Another way to ensure that no gases in the chamber escape is to add a ventilation fan. The fan draws air out of the glove box so that the pressure inside is slightly lower than the pressure outside. This means that if there are any gaps, air will always move from the surroundings into the box and not out of the box. You can then set up the vent fan and hose to blow the air outside.

To add this feature, you will need an air hose and some kind of fan. For a low level of suction you could use a small fan such as a computer cooling fan. For greater suction, you could hook up your vacuum or shop vac. Start by cutting a hole in the back side of the glove box (opposite the gloves) that is the same size as your air hose. Then insert the hose through the hole. If you want the ventilation fan to be removable, you can apply weather stripping around the hose to help make a better temporary seal. If you want to permanently attach the air hose, you can apply sealant around the edges. 

Step 5: Add a Port for Corded Power Tools

If you want to be able to use corded power tools in the glove box, you will need a hole in the side of the box for the power cord. You can use the vent hose hole or you can drill a new one. Then feed the power cord through the hole. You can cover up the opening around the cord with either foam or tape to help maintain the seal.

Step 6: Finished Glove Box

Now you have a simple DIY glove box. You can use it when working on messy or smelly projects. Or you can have a sealed environment for your home science projects.
<p>A 2 lb tin coffee can burns the perfect size hand holes and does not crack the plastic. </p>
<p>How exactly do you cut the holes into the box without cracking the plastic? I starting by drilling eight small holes around the perimeter of the circle I wanted to cup, I scored the perimeter of the circle with a box knife, then sawed between the drilled holes with a hack saw. I broke the hack saw blade and crack the box. What would be a better approach?</p>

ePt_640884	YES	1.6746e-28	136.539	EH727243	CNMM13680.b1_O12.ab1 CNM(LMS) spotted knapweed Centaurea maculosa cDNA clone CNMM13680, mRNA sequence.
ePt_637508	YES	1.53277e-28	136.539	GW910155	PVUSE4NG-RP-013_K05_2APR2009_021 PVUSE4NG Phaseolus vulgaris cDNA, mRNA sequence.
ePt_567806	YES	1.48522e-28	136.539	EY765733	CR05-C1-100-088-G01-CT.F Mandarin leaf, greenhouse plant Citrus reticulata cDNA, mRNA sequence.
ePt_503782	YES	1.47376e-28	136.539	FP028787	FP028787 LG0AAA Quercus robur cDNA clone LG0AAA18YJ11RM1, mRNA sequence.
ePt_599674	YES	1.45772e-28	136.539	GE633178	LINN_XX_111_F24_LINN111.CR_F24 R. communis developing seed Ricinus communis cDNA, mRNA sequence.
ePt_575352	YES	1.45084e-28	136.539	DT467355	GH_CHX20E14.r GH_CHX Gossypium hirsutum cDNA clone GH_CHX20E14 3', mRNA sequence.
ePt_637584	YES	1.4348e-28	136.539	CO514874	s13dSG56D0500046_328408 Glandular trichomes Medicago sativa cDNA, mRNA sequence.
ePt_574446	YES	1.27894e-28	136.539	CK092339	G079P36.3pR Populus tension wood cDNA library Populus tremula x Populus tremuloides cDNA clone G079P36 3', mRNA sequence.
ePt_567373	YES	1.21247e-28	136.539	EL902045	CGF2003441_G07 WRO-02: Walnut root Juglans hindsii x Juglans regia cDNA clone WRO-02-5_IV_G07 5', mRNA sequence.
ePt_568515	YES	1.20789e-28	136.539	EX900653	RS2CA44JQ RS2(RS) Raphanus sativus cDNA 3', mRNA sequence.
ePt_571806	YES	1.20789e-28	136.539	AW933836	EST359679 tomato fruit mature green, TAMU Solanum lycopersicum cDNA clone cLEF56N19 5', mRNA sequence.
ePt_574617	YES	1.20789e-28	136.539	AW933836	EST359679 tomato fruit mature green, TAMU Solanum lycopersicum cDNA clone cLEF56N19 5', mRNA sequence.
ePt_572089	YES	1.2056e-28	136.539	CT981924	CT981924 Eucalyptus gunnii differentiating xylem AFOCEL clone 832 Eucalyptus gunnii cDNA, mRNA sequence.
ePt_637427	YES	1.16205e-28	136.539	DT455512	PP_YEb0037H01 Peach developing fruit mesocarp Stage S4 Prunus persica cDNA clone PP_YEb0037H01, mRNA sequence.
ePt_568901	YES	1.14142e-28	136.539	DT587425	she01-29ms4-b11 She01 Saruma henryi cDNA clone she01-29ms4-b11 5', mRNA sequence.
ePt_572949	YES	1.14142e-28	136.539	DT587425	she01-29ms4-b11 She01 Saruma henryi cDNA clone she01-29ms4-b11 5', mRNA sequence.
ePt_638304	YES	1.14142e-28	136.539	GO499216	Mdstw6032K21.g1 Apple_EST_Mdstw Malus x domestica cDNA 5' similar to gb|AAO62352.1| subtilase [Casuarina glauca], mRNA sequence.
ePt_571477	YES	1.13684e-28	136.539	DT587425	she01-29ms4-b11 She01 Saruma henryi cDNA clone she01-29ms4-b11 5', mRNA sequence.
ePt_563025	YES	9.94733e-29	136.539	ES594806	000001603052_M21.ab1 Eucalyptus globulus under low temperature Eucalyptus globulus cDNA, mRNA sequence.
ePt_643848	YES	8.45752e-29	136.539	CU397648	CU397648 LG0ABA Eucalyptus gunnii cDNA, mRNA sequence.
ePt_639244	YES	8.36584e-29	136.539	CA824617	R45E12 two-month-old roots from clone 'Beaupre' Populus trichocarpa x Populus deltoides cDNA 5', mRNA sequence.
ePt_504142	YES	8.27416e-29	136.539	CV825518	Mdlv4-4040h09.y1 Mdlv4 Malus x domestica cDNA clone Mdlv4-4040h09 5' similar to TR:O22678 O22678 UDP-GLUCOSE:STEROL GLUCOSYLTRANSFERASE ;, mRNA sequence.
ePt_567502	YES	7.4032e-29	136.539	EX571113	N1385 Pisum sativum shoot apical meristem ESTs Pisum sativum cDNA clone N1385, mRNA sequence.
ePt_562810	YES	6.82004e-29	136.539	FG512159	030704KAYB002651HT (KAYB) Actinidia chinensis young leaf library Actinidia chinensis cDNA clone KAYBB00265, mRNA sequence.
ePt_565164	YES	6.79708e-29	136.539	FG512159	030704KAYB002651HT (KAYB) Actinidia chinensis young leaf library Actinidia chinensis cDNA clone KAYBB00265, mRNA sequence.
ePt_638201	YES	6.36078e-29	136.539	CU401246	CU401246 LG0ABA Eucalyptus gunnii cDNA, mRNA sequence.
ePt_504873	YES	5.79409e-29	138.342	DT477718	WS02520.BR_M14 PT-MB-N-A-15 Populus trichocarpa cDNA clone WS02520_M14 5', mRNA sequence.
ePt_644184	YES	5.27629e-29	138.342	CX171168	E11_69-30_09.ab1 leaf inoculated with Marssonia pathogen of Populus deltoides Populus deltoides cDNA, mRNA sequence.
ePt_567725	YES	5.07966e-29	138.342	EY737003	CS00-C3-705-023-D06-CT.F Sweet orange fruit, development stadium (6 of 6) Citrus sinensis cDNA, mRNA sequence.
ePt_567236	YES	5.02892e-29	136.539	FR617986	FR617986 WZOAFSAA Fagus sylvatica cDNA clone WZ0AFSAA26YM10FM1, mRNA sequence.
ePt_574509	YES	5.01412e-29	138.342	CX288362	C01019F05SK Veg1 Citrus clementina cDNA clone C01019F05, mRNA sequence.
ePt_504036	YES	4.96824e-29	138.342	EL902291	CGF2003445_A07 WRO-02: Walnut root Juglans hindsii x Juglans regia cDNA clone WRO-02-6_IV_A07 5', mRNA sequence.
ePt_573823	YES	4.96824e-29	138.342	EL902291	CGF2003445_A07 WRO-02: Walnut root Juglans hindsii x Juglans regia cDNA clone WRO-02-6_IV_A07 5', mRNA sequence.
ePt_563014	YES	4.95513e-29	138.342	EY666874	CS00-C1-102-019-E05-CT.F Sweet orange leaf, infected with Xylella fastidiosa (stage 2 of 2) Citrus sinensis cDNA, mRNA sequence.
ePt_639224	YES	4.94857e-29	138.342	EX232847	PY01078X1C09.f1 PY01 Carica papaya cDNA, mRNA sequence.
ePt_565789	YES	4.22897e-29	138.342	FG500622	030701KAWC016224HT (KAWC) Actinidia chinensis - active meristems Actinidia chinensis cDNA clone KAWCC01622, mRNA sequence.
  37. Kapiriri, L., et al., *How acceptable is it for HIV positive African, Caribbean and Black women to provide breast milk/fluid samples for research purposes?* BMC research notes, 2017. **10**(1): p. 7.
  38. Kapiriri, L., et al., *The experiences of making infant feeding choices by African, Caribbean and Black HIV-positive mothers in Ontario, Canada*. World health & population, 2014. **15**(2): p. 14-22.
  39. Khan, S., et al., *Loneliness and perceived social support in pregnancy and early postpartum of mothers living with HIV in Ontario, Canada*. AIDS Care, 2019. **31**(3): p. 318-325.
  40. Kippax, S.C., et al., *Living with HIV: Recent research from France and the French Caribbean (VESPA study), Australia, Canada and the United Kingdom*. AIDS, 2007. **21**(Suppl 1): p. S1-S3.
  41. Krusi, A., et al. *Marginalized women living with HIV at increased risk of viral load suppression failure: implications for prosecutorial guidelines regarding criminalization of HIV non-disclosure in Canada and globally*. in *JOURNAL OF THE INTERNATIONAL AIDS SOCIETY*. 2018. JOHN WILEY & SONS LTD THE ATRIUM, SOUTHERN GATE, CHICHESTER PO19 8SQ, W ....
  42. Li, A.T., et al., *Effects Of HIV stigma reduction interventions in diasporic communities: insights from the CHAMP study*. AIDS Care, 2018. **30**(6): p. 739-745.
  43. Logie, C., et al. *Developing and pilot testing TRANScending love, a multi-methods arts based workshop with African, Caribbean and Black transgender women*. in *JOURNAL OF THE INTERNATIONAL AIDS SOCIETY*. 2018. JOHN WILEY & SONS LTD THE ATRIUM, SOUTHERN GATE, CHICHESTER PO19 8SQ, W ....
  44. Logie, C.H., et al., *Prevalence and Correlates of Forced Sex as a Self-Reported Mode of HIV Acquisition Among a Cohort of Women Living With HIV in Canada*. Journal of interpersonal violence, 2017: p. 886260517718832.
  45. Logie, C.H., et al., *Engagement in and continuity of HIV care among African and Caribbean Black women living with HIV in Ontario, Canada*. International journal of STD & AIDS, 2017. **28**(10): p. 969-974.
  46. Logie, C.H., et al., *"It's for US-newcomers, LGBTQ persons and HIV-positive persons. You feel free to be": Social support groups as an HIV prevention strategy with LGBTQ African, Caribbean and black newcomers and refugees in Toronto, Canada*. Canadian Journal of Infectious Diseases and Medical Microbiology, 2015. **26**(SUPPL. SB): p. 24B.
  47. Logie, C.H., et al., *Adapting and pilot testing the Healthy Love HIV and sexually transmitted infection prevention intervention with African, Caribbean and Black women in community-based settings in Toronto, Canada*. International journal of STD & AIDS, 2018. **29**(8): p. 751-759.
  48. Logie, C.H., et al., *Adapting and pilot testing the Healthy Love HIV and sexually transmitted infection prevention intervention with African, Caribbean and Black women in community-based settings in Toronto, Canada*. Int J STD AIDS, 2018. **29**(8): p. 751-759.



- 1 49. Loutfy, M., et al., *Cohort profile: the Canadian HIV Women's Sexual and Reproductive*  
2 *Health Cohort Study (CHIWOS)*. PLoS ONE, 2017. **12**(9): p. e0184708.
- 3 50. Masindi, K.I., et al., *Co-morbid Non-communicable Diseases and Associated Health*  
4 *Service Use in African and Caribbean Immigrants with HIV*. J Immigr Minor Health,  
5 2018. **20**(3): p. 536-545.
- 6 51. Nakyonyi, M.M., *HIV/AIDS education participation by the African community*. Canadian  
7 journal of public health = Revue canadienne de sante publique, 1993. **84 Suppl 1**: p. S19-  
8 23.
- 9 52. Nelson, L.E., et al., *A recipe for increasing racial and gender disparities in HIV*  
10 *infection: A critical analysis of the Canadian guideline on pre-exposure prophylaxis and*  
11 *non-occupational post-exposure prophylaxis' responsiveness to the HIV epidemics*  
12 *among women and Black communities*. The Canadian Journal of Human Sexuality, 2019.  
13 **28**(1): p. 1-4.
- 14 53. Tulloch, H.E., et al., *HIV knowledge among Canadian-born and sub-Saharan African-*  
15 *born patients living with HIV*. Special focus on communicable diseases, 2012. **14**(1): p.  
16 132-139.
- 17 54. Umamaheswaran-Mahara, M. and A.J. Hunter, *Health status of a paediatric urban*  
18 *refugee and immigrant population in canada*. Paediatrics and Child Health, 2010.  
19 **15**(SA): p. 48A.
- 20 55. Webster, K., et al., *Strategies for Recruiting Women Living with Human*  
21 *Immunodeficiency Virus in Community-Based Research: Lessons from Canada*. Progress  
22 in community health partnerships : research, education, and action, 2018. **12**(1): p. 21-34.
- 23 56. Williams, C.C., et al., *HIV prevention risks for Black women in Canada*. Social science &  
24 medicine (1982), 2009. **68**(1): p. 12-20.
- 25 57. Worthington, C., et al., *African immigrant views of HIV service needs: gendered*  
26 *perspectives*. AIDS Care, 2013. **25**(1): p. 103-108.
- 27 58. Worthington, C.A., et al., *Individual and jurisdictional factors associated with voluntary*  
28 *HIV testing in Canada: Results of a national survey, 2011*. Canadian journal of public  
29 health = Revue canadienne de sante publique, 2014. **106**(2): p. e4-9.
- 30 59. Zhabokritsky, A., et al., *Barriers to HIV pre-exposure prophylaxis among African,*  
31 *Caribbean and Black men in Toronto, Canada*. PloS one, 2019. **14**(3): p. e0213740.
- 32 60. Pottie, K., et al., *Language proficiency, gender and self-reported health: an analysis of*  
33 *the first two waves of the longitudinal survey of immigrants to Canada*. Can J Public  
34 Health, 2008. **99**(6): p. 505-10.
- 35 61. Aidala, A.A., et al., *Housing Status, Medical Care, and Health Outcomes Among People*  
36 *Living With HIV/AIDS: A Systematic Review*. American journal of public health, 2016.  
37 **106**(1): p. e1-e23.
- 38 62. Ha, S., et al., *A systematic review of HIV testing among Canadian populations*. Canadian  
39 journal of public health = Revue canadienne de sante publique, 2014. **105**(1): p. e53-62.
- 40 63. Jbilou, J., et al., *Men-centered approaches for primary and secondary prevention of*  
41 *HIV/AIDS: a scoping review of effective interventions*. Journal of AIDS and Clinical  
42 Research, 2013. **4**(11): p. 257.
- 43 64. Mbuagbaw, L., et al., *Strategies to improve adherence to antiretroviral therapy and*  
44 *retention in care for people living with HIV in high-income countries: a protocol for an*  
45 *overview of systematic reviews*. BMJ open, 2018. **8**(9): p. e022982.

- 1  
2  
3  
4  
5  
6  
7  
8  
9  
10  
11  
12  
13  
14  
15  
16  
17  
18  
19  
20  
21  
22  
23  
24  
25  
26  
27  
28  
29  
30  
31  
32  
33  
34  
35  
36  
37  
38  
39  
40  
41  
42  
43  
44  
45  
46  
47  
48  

<p>A 2 lb tin coffee can burns the perfect size hand holes and does not crack the plastic.</p>
<p>I used the pipe to trace the hole. Then I just used a box cutter style knife to cut out the entire hole. It helps if you cut it from the inside of the box and have the other side pressed against a block of wood.</p>
One way you can get electric into the box is to add an electrical box. Use a plastic old work electrical box, the one with tabs, to hold it in place, you can further seal that electrical box with sealant once the cord is installed. Use an 12 gage wire extension cord to wire up the receptacle and make the cord as long as you want. That way you have a direct connect within your box. For the glove fittings you may want to use a Male and Female 4&quot; adaptors, so that you can screw the fittings into place through the plastic for a more secure setting of the Gloves. You can even use the ends of the gloves to act as a seal as your screw the two parts together. Great idea for a Glove Box and I hope you consider my suggestions as possible upgrades.
Dude, that's a great idea.
This is a great way to make a rudimentary and typically pretty effective glove box. This, minus the airflow bit, is perfect for people who grow edible mushrooms at home.
<p>This is great -- will use on my next world domination plot !! MWAHAHAHAHA</p>
Looks awesome I just built one of these last week as a &quot;clean room&quot; to rebuild a laptop hard drive in. Great instructable could have used some of your designs to improve on mine. Thanks
I was just looking at this today for the exact same thing. Thanks for posting this comment since it helped make that decision easier for me. Did you use an ESD bag on the bottom or was that an issue with yours?

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Bio: My name is Jason Poel Smith I am a Community Manager here at Instructables. In my free time, I am an Inventor, Maker, Hacker, Tinker ... More »